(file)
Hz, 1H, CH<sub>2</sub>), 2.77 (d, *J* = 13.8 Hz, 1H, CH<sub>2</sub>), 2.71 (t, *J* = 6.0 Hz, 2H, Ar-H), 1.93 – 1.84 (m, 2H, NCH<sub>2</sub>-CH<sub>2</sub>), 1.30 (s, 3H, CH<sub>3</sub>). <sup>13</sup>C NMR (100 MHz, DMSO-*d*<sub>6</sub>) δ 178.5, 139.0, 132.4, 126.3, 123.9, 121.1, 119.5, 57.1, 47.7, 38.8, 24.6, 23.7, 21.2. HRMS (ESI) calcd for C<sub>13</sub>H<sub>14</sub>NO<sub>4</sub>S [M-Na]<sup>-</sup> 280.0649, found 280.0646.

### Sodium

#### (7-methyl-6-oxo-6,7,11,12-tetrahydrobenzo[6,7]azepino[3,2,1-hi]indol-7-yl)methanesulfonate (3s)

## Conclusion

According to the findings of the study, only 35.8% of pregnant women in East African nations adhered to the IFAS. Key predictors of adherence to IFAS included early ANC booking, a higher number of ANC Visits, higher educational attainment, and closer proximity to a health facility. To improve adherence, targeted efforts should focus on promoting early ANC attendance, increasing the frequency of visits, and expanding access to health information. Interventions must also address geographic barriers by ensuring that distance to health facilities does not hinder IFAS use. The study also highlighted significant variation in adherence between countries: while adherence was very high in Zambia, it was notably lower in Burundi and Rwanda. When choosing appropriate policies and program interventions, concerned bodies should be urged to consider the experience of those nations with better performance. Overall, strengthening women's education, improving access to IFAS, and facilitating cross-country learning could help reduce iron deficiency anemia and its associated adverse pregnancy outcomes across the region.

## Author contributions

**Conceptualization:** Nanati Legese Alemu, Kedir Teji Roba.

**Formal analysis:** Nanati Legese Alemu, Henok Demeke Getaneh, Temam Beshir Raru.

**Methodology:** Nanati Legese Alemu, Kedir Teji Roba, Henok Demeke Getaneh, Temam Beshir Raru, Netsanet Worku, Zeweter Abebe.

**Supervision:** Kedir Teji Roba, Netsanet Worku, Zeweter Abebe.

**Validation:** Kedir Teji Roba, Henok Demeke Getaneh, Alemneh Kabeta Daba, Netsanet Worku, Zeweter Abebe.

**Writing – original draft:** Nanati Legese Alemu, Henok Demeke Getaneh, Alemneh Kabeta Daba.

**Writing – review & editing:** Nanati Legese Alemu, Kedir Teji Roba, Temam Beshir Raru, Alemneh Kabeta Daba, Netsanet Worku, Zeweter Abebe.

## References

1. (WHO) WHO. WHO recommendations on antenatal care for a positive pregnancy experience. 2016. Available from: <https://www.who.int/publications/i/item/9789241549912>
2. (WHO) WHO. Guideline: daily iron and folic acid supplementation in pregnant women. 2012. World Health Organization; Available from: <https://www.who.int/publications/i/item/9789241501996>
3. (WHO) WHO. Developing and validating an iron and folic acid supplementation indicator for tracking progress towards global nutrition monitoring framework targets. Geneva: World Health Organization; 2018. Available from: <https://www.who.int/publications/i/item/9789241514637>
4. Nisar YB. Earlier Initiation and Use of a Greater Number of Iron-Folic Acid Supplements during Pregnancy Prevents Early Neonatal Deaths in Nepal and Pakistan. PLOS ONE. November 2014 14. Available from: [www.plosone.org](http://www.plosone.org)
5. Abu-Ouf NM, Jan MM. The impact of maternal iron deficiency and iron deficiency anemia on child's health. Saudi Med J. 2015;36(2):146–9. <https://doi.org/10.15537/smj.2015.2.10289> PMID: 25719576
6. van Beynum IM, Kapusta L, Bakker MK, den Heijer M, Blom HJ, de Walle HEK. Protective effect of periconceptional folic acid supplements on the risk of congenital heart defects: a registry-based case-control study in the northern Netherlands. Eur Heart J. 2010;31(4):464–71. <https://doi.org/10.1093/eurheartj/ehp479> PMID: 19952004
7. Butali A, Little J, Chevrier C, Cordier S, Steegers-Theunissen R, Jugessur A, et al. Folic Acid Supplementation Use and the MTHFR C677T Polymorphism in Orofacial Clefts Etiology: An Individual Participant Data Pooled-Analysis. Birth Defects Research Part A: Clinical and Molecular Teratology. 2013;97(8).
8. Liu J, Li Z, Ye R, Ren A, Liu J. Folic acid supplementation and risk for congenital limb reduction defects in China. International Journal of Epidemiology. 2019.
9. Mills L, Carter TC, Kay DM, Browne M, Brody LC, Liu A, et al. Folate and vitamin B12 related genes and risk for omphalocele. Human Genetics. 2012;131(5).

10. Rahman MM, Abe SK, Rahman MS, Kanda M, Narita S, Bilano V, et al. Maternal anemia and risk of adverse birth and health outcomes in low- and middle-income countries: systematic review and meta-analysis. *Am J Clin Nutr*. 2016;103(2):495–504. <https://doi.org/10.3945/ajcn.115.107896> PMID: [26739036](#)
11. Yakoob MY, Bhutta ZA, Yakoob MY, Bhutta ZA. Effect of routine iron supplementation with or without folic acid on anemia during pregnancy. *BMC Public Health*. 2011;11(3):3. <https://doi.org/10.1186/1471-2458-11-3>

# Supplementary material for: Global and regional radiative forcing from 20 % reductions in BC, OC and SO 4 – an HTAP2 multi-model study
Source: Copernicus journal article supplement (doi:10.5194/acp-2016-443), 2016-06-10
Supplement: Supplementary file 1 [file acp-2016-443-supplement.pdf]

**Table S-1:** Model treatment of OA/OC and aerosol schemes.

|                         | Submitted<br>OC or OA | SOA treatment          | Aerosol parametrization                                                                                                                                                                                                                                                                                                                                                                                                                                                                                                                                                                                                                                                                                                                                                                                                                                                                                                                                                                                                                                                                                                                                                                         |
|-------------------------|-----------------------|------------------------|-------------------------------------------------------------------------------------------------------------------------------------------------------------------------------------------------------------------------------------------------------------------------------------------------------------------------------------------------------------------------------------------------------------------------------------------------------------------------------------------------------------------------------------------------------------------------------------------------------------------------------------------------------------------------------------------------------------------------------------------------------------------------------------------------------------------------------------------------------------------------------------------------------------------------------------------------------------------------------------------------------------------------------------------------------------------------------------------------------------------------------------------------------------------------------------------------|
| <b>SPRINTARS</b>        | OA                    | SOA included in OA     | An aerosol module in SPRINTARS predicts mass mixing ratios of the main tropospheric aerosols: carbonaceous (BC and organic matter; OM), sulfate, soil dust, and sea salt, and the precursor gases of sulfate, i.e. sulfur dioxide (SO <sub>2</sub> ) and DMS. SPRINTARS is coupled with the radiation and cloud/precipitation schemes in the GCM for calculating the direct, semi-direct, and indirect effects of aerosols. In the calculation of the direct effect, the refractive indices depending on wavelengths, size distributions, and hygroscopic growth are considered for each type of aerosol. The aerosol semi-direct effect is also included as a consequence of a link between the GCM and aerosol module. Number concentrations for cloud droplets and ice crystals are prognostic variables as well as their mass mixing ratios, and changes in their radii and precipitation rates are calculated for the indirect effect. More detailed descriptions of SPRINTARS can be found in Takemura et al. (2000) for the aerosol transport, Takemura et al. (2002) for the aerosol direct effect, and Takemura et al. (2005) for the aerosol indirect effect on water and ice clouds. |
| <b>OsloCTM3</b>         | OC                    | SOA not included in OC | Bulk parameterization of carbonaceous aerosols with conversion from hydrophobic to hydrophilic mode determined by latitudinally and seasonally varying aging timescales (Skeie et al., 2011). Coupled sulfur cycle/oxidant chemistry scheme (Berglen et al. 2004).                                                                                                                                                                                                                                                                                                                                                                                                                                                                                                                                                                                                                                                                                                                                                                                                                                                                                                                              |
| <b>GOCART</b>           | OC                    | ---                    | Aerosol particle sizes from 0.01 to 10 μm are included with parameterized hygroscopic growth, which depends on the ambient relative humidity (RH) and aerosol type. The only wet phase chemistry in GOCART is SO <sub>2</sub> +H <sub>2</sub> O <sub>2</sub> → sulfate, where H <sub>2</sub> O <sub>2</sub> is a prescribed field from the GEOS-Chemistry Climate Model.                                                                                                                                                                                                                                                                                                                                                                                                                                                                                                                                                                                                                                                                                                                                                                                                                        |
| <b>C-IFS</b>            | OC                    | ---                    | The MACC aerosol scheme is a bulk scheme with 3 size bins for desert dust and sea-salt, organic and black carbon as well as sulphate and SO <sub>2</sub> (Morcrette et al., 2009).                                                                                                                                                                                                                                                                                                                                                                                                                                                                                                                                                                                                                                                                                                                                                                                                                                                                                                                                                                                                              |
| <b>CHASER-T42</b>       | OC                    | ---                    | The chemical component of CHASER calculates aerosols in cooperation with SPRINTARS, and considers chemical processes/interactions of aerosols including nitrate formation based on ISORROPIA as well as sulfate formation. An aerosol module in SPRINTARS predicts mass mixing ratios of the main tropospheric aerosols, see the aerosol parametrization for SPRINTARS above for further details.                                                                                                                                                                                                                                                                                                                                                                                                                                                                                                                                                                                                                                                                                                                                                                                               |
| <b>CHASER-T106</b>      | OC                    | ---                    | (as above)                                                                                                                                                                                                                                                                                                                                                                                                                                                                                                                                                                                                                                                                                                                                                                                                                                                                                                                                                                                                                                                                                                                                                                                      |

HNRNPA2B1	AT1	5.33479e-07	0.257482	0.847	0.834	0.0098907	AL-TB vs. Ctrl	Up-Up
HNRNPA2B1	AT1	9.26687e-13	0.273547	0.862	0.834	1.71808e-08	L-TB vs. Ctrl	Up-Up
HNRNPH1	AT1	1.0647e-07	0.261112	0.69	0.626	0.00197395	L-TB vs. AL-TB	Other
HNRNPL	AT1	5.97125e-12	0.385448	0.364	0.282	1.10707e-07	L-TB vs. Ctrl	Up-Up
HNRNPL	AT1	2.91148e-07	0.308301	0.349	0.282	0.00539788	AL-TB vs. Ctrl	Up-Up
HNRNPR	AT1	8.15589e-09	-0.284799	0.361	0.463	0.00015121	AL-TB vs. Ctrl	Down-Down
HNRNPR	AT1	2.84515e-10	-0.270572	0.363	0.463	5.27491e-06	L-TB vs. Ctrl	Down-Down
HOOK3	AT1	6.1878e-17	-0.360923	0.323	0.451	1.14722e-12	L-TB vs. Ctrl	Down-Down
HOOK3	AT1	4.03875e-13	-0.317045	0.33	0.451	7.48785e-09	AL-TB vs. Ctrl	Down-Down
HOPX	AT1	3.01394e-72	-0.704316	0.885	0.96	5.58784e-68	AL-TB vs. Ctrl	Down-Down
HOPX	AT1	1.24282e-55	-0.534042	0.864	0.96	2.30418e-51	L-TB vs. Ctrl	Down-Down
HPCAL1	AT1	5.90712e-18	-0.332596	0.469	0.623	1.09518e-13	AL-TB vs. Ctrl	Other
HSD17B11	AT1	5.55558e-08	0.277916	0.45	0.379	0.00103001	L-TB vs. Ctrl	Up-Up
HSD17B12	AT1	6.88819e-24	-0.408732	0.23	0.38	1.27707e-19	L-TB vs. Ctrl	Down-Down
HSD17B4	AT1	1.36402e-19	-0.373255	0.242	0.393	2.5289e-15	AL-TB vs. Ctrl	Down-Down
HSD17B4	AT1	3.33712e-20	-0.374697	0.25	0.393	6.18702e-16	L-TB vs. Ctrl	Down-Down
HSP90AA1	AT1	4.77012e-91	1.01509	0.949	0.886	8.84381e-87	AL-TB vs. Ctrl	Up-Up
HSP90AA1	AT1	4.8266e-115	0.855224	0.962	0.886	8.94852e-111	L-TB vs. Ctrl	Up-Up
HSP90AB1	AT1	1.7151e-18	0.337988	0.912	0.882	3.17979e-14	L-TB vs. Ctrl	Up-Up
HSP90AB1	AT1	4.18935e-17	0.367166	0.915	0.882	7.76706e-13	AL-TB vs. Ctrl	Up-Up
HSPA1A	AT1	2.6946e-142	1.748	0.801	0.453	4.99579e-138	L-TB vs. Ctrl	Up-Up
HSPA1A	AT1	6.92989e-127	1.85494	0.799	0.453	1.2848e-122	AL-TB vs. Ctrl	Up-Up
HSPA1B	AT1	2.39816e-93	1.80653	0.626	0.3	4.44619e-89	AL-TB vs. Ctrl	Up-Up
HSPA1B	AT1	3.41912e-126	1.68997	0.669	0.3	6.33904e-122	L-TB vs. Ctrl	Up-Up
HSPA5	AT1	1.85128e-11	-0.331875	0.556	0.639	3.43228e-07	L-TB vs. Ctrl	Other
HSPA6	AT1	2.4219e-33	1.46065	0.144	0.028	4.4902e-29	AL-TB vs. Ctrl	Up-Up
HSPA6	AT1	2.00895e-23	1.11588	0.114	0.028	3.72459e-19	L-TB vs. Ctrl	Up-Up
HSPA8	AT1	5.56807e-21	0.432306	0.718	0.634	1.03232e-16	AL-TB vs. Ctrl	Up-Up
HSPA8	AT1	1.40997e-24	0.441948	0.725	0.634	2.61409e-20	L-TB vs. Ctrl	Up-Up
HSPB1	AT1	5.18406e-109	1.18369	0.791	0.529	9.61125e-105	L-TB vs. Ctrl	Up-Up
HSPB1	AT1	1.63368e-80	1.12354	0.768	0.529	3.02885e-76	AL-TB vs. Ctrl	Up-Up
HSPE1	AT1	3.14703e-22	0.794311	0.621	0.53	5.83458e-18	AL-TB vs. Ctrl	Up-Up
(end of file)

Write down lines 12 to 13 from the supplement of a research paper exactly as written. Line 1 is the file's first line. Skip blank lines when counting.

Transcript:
**Writing – original draft:** Nanati Legese Alemu, Henok Demeke Getaneh, Alemneh Kabeta Daba.

**Writing – review & editing:** Nanati Legese Alemu, Kedir Teji Roba, Temam Beshir Raru, Alemneh Kabeta Daba, Netsanet Worku, Zeweter Abebe.